Carnival: Biggest and Most Expansive Offering

Peter LeypoldAfter 40 years with cruise lines – more than 10 of those as Carnival Cruise Line’s Corporate Chef – Peter Leypold is as well versed in food at sea as anyone. Yet all this experience boils down to the cruise industry’s basic mandate, something he learned a long time ago. Call it hospitality 101.

“I try to make everybody happy. That’s my job. It’s a rewarding job. If people like your product, it feels good. Well, it’s never 100 percent ‘you,’ it’s generally a cooperation,” Leypold said, acknowledging the teams he supports and that support him. “And I’ve done it for a long time.

“When I started out on cruise lines it was kind of a luxury,” Leypold recalled. “The business side of it at that time wasn’t really that important. For us it was, ‘Are the guests happy?’ Everything else didn’t really matter. Now, you still need to worry if the guests are happy, but you need to look at the bottom line.”

He was an early witness to one of the industry’s most dramatic changes, working with Royal Viking when the line introduced the first à la carte restaurant.

Leypold describes restaurant and menu design as a true team effort at Carnival. Ideas come from all over, he said, and are debated in give-and-take discussions and taste tests.

Havana Bar on Carnival Vista“Everybody has ideas. And then maybe you have 40 or 50 dishes, then you cut it down to 20 or so and you do a tasting with all the senior management. We end up with 10 or so that actually make it to the menu. But that’s the general approach to everything here. It’s a lot of collaboration, ideas coming from all directions. Then we try to make the best out of it.”

Recent additions include the Japanese-style Bonsai Sushi restaurant, which has evolved to offer more hot food, and the Havana Bar, which offers Cuban snack cuisine.

“We didn’t have to go to Cuba to discover these tastes. Miami is maybe 50 percent Cuban. The knowledge we needed for that project was readily available.” he said. “With Cuban food in Miami it is very easy. We have a lot of Cuban restaurants and they offer a wide variety. Now, obviously this is a bar operation with kind of a snack food, so you wouldn’t do certain things because they wouldn’t fit with the concept – like an ox tail or something like that.”

Instead, the Havana Bar serves Sabor de Habana – plantain fritters, chicken chunks, beef picadillo-stuffed potato balls, and yucca fritters for a very reasonable $6 – and corn tomales, ropa vieja, ceviche de mariscos, and more for just $4. To drink, the Havana Bar has Cuban and Italian coffee, fresh orange juice, and a wide selection of Bacardi rum drinks, including the classic Cuba Libre. “It’s bar food, finger food, whatever you call it, but very Cuban flavored.

There are also times when Leypold and his team are pleasantly surprised. Some dishes they considered edgy and perhaps too adventurous for the typical cruiser proved very popular.

“A couple of years ago we started a new thing on the dinner menu. We called it a Teacher. It was things that people generally don’t eat, like an ox tongue, shark fritter or a ceviche. There was one item on each menu that was marked as a little bit adventurous. And actually all these dishes became very popular,” he said. “On the American Table menu we now call it Rare Finds. All of them are a little bit adventurous to our guests.” Not a culinary adventure, but certainly playing on a popular extreme, Carnival has also introduced Guy’s Burger Joint, a poolside grill inspired by food TV personality Guy Fieri. “You have two huge smokers and we cook our meat for up to 70 hours. It is a really good product. And it’s free.”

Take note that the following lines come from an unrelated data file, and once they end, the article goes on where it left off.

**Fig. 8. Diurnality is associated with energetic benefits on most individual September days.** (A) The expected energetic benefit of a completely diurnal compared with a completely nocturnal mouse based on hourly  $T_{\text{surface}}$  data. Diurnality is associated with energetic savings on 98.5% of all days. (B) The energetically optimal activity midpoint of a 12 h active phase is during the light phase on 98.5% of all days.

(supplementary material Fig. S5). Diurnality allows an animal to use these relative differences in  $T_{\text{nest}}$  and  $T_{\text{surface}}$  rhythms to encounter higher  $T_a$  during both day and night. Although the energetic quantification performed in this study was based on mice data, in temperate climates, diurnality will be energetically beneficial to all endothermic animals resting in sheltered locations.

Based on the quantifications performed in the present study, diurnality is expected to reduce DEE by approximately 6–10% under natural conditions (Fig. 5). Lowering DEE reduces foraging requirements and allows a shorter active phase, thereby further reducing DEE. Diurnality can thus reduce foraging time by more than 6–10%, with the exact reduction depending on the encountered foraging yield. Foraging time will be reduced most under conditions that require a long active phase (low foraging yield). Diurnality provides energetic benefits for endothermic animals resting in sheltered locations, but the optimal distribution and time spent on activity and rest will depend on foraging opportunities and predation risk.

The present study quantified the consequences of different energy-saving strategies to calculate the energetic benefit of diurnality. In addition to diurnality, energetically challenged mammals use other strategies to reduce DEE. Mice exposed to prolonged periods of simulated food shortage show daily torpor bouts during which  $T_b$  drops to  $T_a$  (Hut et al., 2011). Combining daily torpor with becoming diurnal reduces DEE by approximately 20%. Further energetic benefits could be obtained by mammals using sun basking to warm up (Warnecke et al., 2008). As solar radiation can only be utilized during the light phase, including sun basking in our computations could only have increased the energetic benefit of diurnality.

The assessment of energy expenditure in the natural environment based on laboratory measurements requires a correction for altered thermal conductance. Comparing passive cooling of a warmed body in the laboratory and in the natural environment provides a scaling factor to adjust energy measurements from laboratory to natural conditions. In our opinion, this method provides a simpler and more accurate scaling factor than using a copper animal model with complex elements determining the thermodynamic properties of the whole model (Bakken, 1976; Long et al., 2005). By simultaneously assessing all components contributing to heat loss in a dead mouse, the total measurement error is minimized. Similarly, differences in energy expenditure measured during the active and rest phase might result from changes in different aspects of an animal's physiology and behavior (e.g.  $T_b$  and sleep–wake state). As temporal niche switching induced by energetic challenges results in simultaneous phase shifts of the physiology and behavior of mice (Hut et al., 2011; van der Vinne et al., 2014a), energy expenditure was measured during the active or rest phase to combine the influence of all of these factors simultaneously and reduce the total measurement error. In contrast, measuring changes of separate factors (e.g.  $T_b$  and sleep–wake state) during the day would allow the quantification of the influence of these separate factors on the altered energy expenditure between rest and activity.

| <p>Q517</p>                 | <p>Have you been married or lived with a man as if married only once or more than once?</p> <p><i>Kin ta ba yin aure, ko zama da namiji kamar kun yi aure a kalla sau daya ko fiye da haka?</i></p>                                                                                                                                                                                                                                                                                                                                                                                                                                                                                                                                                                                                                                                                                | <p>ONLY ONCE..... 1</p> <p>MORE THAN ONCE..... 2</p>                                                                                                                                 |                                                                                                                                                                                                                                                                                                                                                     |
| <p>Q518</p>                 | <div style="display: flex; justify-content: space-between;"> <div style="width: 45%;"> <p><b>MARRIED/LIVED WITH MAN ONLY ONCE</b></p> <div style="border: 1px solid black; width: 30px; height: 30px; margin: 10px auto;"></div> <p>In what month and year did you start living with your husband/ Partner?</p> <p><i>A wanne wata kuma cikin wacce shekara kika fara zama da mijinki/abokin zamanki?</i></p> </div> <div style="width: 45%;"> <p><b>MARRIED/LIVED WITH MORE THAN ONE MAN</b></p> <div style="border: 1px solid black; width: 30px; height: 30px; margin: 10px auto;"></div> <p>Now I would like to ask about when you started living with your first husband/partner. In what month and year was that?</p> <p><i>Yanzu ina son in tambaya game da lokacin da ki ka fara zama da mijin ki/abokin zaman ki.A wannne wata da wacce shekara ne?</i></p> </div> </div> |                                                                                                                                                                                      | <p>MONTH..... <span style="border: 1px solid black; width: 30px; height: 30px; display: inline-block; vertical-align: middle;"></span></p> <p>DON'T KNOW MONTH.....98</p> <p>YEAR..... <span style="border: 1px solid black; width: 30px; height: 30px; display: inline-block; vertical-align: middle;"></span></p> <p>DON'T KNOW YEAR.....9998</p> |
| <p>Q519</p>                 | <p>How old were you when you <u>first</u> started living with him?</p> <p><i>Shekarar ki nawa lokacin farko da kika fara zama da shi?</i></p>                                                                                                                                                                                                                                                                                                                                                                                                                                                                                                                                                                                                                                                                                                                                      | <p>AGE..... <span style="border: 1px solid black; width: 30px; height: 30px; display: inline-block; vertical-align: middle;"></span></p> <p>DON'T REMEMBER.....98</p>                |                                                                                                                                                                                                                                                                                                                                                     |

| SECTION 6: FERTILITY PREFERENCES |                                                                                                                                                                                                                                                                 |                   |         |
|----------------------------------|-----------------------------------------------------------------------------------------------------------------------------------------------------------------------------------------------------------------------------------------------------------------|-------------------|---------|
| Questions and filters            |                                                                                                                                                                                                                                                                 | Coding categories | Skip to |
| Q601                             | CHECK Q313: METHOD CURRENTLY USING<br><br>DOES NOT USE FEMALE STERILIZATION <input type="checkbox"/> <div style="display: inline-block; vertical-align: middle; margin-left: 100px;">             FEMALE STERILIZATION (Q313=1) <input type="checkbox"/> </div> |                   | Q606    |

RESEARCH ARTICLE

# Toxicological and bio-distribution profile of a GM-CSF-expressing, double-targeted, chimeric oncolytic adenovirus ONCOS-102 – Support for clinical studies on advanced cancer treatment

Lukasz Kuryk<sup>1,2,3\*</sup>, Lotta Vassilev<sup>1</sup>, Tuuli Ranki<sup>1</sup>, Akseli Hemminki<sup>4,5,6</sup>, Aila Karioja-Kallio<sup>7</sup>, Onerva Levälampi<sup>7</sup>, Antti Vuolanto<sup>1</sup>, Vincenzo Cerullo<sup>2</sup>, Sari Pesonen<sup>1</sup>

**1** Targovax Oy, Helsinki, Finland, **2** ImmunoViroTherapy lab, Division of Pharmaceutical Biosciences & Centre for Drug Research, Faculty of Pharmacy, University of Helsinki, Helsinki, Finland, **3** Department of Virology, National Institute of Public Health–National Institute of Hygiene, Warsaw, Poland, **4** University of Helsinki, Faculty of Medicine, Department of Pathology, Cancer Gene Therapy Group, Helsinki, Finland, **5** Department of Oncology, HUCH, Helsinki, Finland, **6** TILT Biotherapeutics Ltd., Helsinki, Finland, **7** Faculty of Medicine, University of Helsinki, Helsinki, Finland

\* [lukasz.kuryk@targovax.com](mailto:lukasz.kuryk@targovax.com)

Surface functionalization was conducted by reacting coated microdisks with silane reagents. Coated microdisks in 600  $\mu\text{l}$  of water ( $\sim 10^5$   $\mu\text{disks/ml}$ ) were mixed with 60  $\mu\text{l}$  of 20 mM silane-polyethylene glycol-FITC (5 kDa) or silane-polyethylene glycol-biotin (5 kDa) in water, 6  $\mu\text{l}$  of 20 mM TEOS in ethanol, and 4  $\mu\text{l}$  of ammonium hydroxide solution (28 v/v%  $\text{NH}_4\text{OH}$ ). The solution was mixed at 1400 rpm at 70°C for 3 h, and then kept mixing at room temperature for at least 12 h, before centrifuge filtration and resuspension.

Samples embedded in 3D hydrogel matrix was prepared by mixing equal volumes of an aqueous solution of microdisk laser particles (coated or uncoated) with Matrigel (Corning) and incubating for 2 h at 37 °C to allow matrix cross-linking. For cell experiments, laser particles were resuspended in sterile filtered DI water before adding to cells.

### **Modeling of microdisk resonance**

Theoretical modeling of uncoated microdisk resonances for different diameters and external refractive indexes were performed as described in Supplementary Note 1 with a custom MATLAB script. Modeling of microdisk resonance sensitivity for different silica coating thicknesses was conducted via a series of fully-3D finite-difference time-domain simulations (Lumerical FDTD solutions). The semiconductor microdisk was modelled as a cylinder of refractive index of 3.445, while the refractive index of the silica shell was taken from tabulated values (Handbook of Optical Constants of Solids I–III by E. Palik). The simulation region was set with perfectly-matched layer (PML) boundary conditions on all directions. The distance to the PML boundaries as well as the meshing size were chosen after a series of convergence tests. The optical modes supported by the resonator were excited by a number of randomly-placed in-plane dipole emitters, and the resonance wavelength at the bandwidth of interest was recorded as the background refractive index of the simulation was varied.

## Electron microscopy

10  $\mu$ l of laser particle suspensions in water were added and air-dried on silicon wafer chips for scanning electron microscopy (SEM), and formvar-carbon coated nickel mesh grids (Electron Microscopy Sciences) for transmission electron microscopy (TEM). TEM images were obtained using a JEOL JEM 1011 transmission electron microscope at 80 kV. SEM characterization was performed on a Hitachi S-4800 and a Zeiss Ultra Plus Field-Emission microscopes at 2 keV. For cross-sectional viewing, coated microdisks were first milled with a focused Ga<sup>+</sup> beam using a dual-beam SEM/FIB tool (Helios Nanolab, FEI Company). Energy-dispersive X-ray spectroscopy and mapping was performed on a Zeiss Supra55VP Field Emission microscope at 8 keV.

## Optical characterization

The idea in many, if not all of these restaurants is to bring people together.

“We are in the final stages of converting the last few ships to our American Table concept, which is more family oriented than what the original product was. There’s some sharing involved and then everybody can have the sides they want. It’s not anymore that the steak comes with a baked potato and broccoli. They have six, seven, eight, choices of what they can have. And that’s appreciated because if somebody doesn’t like a baked potato then there’s no point in putting it there, you know.”

The concept is a winner too because it cuts down on food waste.

“That’s something really appreciated by the guests. A lot of guests are really concerned about food waste. So that worked. And then right now we’re also starting up a new Chef’s Table menu. We always have something going on.”

In the end, all the recipes and dining concepts are created by Carnival’s in-house staff.

“Everything is easy if you have the right people. We spend a lot of effort on training our people. We also try to treat them properly and keep them for many years because if you don’t lose one you don’t have to hire a new one. So managing, recruiting and training is just as important as purchasing issues or finding the next new dish,” he said.

Leypold has practical advice to young staffers who might want to mirror his career – how to become the “right people” who make difficult tasks seem easy.

“You need a solid culinary background, both in fine dining, casual dining, and ethnic food. You need to be able to spot trends and understand what is working with your guests. You need to focus on quality ingredients and yields more than on prices. You should be able to spot talent and nurture it. Respect people and treat them well – be a team player. Most of all, you need to like what you are doing.”

Excerpt from Cruise Industry News Quarterly Magazine: Winter 2016/2017


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